The Impact of Changing Your Name as a Married Woman [Careers, Work, Relationships, and jobs]

The Impact of Changing Your Name as a Married Woman [Careers, Work, Relationships, and jobs]

As a (married) woman, changing your name after marriage is a deeply personal decision—but can impact your career for better or worse.


What’s in a name?

In the beginning, it’s a wobbly scribble on the front of a schoolbook, or called out in attendance. Later in life it’s displayed at the top of a CV, stamped on a driver’s license and—if you’re lucky—signed on the deed to a home.

But some people might change that moniker without a full appreciation of the impact the decision could have—for better or worse.



In the U.S., 80% of married women in opposite-sex relationships take their husband’s surname, according to a study from Pew Research published last year. It’s a trend that has showed little signs of fluctuating over the past couple of decades, though younger generations—those between ages 18 and 49—were twice as likely as those age 50-plus to keep their original surname.

That being said, 73% of women under the age of 50 chose to take on their partner’s surname.

And for each who does, the decision is deeply personal—and often complicated by professional considerations—says Michael Bradicich, the owner of, a service that has helped over 400,000 brides through the name change process. While some people “jump in with both feet” and little consideration, Bradicich told Fortune, those who trade on their name often take a pause.

After all, “their name is part of their career.”


Unexpected consequences

Those who have decided to change their name—or perhaps separate their “professional” and legal names—may come up against snags they never saw coming, experts told Fortune Media.


For example, women in academics struggle to collate their work between their maiden and married names—and they risk losing critical funding, opportunities, or promotion as a result. Likewise, professionals who have gained certifications or licenses under a previous name must ensure paperwork is carried out swiftly in order to keep practicing, while those with a valuable digital footprint may lose an element of their personal brand.

There’s also reputation and (hopefully) goodwill attached to the name that appears on one’s LinkedIn page or email byline—recognition that could take time to rebuild.


However, there’s also a raft of upsides to a surname change. It could mean outmaneuvering bias built into recruiting or application systems when it comes to race, age, and gender, or adding a layer of privacy to your personal life.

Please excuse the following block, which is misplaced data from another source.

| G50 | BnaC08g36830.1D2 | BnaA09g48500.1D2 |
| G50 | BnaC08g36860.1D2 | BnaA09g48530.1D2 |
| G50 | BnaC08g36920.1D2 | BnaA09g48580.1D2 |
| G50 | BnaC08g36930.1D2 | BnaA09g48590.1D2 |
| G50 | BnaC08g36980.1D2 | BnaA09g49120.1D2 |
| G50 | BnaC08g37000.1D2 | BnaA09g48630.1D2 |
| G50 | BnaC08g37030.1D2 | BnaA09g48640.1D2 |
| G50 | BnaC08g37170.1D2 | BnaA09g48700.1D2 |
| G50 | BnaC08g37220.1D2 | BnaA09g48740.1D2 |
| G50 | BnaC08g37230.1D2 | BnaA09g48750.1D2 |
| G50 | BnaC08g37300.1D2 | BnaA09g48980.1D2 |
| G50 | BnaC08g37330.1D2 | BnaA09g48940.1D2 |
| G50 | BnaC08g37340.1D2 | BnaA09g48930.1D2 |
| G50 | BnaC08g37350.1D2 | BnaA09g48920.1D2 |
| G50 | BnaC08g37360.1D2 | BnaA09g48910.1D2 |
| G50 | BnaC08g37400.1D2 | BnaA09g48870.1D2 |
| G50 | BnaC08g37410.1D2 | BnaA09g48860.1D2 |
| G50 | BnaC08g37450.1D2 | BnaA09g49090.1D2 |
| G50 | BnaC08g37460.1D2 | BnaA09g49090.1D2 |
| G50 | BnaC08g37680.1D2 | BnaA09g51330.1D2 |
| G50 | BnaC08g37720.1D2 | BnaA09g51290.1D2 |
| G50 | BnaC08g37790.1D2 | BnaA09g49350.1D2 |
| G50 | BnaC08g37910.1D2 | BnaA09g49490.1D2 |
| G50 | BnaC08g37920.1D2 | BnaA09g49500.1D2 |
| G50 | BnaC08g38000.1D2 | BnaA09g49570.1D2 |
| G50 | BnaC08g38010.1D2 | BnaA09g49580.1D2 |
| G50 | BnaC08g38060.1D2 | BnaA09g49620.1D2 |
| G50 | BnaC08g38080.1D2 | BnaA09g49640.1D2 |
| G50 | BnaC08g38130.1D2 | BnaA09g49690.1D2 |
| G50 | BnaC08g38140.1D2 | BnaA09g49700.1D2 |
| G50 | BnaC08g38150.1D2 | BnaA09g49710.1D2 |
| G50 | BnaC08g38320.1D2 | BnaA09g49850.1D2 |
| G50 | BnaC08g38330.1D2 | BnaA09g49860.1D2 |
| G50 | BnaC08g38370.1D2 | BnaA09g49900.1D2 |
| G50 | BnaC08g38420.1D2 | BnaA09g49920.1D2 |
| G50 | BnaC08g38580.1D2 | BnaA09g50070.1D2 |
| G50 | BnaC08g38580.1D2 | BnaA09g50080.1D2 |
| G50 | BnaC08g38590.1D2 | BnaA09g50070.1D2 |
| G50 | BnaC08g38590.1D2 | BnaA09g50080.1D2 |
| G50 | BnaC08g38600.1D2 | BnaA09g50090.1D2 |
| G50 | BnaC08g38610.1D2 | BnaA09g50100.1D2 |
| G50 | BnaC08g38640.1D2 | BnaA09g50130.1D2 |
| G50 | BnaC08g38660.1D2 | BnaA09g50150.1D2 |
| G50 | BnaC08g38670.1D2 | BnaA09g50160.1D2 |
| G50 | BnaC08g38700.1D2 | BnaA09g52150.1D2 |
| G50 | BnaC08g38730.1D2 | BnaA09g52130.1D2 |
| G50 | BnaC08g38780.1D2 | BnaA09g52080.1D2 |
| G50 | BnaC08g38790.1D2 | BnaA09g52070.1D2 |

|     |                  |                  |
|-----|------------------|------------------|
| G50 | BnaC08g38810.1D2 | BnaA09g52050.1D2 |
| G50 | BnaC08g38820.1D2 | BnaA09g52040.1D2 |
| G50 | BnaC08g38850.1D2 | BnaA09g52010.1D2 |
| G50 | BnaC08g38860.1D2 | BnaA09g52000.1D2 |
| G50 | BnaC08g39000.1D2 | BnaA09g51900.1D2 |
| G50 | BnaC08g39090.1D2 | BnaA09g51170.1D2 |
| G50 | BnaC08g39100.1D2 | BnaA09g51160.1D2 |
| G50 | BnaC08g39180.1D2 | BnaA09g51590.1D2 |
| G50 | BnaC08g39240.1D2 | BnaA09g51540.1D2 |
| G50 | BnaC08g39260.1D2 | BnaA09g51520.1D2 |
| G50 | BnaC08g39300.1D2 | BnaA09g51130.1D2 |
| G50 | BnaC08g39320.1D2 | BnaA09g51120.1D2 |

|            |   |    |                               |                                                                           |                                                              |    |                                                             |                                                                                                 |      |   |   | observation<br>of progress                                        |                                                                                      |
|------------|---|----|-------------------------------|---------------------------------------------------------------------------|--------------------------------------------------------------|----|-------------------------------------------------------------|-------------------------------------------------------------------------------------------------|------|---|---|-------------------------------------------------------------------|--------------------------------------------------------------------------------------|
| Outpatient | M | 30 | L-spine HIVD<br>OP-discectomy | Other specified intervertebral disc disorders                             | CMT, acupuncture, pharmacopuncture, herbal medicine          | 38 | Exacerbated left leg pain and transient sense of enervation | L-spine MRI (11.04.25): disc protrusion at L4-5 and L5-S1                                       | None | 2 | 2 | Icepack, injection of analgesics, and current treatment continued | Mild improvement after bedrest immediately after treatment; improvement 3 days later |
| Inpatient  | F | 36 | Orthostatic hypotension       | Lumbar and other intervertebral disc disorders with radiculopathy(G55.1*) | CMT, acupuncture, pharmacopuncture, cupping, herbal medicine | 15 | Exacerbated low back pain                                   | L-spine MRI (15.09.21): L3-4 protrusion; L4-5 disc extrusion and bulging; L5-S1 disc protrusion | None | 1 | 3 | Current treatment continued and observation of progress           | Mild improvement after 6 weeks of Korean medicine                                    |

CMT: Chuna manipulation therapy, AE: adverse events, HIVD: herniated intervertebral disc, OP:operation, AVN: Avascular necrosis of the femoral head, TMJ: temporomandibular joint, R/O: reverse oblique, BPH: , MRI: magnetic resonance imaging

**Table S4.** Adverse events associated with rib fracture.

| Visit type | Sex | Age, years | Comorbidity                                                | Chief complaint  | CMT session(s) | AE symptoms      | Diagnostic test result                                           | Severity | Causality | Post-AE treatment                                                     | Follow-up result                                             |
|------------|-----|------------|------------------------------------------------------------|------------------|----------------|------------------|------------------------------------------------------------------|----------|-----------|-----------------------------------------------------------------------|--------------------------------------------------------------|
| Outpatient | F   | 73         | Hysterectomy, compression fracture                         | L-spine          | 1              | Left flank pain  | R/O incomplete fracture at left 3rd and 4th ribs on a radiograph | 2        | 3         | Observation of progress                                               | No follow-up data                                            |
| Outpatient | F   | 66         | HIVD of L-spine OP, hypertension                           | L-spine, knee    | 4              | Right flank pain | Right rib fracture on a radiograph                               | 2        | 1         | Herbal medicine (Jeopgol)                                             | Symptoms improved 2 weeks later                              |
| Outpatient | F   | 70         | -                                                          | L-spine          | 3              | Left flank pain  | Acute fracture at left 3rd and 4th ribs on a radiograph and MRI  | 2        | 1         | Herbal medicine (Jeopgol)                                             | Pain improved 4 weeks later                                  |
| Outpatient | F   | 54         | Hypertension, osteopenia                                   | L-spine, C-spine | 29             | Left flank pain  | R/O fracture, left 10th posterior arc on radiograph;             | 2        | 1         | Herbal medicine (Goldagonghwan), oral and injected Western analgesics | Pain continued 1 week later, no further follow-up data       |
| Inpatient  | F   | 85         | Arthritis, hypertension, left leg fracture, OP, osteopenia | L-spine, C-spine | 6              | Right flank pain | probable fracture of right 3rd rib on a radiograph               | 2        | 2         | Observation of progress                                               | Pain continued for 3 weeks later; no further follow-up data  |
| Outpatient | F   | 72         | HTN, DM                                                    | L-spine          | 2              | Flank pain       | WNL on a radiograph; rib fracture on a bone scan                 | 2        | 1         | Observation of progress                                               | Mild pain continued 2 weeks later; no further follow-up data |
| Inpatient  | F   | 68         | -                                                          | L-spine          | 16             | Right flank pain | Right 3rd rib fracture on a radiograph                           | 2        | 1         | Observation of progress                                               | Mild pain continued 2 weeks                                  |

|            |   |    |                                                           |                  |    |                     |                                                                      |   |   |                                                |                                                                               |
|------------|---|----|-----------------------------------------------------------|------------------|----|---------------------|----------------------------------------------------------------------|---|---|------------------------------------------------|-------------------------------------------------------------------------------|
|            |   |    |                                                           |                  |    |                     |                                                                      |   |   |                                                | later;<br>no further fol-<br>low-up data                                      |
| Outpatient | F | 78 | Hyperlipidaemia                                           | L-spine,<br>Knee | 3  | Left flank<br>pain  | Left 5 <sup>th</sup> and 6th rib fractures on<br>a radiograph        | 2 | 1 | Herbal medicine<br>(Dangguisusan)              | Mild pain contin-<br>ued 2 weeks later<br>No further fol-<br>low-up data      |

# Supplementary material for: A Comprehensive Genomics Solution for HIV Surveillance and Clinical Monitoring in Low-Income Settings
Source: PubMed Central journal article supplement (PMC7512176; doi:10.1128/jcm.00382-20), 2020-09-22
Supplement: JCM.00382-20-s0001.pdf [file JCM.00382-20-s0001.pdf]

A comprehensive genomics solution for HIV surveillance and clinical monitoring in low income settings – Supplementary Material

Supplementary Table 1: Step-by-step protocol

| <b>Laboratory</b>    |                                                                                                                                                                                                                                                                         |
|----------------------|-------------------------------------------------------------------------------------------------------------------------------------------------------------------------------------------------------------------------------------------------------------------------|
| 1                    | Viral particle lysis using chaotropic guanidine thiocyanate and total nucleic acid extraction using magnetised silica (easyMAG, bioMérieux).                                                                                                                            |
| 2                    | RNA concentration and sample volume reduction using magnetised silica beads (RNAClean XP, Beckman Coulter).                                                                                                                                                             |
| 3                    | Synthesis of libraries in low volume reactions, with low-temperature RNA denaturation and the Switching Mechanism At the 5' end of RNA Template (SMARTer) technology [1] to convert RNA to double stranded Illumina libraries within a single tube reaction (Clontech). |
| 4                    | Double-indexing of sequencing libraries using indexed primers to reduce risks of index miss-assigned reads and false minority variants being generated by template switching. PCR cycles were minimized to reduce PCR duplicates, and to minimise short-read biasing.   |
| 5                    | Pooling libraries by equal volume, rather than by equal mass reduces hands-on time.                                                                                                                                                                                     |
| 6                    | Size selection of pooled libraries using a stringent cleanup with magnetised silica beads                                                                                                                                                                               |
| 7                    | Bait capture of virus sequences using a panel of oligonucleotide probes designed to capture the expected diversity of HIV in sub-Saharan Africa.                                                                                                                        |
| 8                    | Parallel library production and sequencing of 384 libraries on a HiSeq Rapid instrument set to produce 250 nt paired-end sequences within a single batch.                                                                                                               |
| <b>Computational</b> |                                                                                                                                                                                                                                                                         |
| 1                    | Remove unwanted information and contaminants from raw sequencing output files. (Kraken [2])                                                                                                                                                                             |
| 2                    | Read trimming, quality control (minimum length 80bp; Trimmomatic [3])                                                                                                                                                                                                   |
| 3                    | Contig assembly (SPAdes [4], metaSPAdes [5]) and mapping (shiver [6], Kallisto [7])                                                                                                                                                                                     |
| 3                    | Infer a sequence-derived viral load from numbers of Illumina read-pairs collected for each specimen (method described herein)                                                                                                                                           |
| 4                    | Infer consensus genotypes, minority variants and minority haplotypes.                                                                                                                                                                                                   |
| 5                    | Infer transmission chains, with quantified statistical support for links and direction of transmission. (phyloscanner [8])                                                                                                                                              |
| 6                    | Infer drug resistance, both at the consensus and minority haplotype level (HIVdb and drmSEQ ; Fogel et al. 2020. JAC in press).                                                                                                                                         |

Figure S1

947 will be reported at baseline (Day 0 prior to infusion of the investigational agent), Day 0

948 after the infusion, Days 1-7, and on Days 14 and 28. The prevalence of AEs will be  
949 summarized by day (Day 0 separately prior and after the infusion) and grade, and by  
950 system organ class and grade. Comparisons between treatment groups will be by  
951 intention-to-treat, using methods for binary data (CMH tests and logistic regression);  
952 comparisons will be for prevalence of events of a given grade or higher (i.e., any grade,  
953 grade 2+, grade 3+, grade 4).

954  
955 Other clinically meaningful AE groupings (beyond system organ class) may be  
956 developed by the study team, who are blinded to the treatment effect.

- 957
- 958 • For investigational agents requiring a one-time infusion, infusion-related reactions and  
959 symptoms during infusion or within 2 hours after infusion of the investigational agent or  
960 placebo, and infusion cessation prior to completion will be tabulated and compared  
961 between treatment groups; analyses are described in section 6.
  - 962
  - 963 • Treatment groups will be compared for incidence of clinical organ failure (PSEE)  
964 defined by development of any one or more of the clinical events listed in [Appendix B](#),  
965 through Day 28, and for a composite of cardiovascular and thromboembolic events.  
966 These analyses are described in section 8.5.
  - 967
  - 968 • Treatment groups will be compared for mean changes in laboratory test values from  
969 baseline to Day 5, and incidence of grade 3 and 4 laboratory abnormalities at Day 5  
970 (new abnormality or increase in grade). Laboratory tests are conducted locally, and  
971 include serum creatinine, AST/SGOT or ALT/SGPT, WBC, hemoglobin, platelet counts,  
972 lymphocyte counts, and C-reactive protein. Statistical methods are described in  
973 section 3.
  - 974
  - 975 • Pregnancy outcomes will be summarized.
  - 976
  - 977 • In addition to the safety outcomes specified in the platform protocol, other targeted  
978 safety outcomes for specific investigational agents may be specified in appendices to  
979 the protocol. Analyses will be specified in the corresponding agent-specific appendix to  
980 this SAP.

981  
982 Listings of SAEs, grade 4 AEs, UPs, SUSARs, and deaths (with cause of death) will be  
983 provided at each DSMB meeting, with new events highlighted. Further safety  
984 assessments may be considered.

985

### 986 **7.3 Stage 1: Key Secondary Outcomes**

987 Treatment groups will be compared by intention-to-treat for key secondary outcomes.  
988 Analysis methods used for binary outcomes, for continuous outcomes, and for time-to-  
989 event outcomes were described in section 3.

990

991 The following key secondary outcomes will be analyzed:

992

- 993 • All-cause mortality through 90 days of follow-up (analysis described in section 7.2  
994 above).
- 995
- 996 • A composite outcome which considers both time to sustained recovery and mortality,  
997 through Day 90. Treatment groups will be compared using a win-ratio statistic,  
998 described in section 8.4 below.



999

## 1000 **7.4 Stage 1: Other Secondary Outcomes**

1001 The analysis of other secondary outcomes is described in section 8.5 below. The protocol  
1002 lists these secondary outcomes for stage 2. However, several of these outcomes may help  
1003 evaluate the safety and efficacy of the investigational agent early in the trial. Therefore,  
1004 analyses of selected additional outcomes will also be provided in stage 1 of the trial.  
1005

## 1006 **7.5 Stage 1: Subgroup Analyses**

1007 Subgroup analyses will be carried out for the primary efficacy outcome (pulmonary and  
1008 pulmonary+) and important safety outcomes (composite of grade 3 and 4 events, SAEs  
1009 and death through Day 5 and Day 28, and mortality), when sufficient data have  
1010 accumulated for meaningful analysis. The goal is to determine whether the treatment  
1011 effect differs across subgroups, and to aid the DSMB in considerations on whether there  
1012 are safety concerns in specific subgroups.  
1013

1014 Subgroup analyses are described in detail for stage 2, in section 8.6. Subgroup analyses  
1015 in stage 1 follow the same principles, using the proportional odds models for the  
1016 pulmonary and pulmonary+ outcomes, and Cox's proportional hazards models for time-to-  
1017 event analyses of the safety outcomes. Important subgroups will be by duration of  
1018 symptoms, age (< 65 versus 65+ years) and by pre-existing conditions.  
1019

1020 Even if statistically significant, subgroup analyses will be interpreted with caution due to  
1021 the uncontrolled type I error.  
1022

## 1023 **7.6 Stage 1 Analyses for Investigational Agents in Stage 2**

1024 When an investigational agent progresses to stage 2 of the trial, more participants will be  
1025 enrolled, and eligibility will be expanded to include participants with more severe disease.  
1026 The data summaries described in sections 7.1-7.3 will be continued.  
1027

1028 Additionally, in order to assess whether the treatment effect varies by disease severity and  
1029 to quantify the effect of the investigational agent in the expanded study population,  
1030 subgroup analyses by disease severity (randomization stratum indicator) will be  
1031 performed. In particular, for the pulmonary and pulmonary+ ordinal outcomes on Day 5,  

For some looking to start afresh—be it for personal reasons or a move in career path—a name change can also act as a digital reset. On top of that, it also provides an opportunity to build rapport with colleagues and customers.

And, of course, there’s the most important reason: A person wants to change their name simply because it makes them happier.


The experts Fortune spoke to made one thing absolutely clear: There is no right or wrong choice. An informed decision, however, is preferable.


The most common phenomenon

Bala Chaudhary had never given much thought to her name in a professional sense—other than when she could add “Dr.” to the front of it—until she heard a male peer complaining about a fellow scientist changing their surname after marriage.


Chaudhary, who works in Dartmouth University’s environmental studies department, was at the time mentored by a female scientist whom she describes as a “giant in the field.” While visiting an outside research lab, Chaudhary encountered a male colleague complaining that her mentor’s papers appeared under both a married and maiden name, making it less convenient to source the work.

“It was surprising to hear such a well-respected, brilliant scientist talked about negatively because of her name. And because of a change in her name that is so common—the most common phenomenon—it was like: ‘Of all the things that women in science have to deal with? This seems like the most trivial,’” Chaudhary told Fortune.


Chaudhary’s experience—that there’s “a lot of pressure” to not change your surname—tracks with the findings from Pew Research, which found the more academically experienced a woman is, the less likely she tended to be to change her name. Some 83% of women who have a college degree or less changed their names after marriage, compared to 79% of those with a bachelor’s degree. And at the postgraduate-degree level, this falls further to 68%.


‘Thinking about kids?’

A surname change also advertises a shift in an individual’s private life that could prompt a series of assumptions. Chaudhary highlighted this might be a conversation women are keen to steer clear of.

A common belief is that after marriage a couple will want to start a family—which data shows is somewhat the case—beginning a well-reported domino effect regarding women’s careers.


A 2023 study from the Centers for Disease Control and Prevention found more than half (53%) of births between 2015 and 2019 occurred to married women, with a further ≈25% occurring to women in cohabiting situations. The research by Gladys M. Martinez, PhD, and Kimberly Daniels, PhD, also confirmed 20% of married women have their second child within 24 months of the birth of their first.

Of course, not all women who marry and change their surname will have kids: They are increasingly happy with a DINK (double income, no kids) lifestyle or are childless not by choice. But the notion remains that outsiders might—incorrectly or not—draw conclusions about how that woman’s career will progress if she is a wife and, by association, a future mother.


This data is demonstrated in the real world, Chaudhary said, by the fact women even have to consider the ramifications of sharing personal details: “I have many respected women scientist mentors who would not say a peep about their personal lives, ever, because it was always on their mind of how they would be perceived professionally.”


Career ‘depth’

In his many years of working with new brides, one thing has become clear to’s Bradicich: Depth of career can influence how much of a problem a name change presents.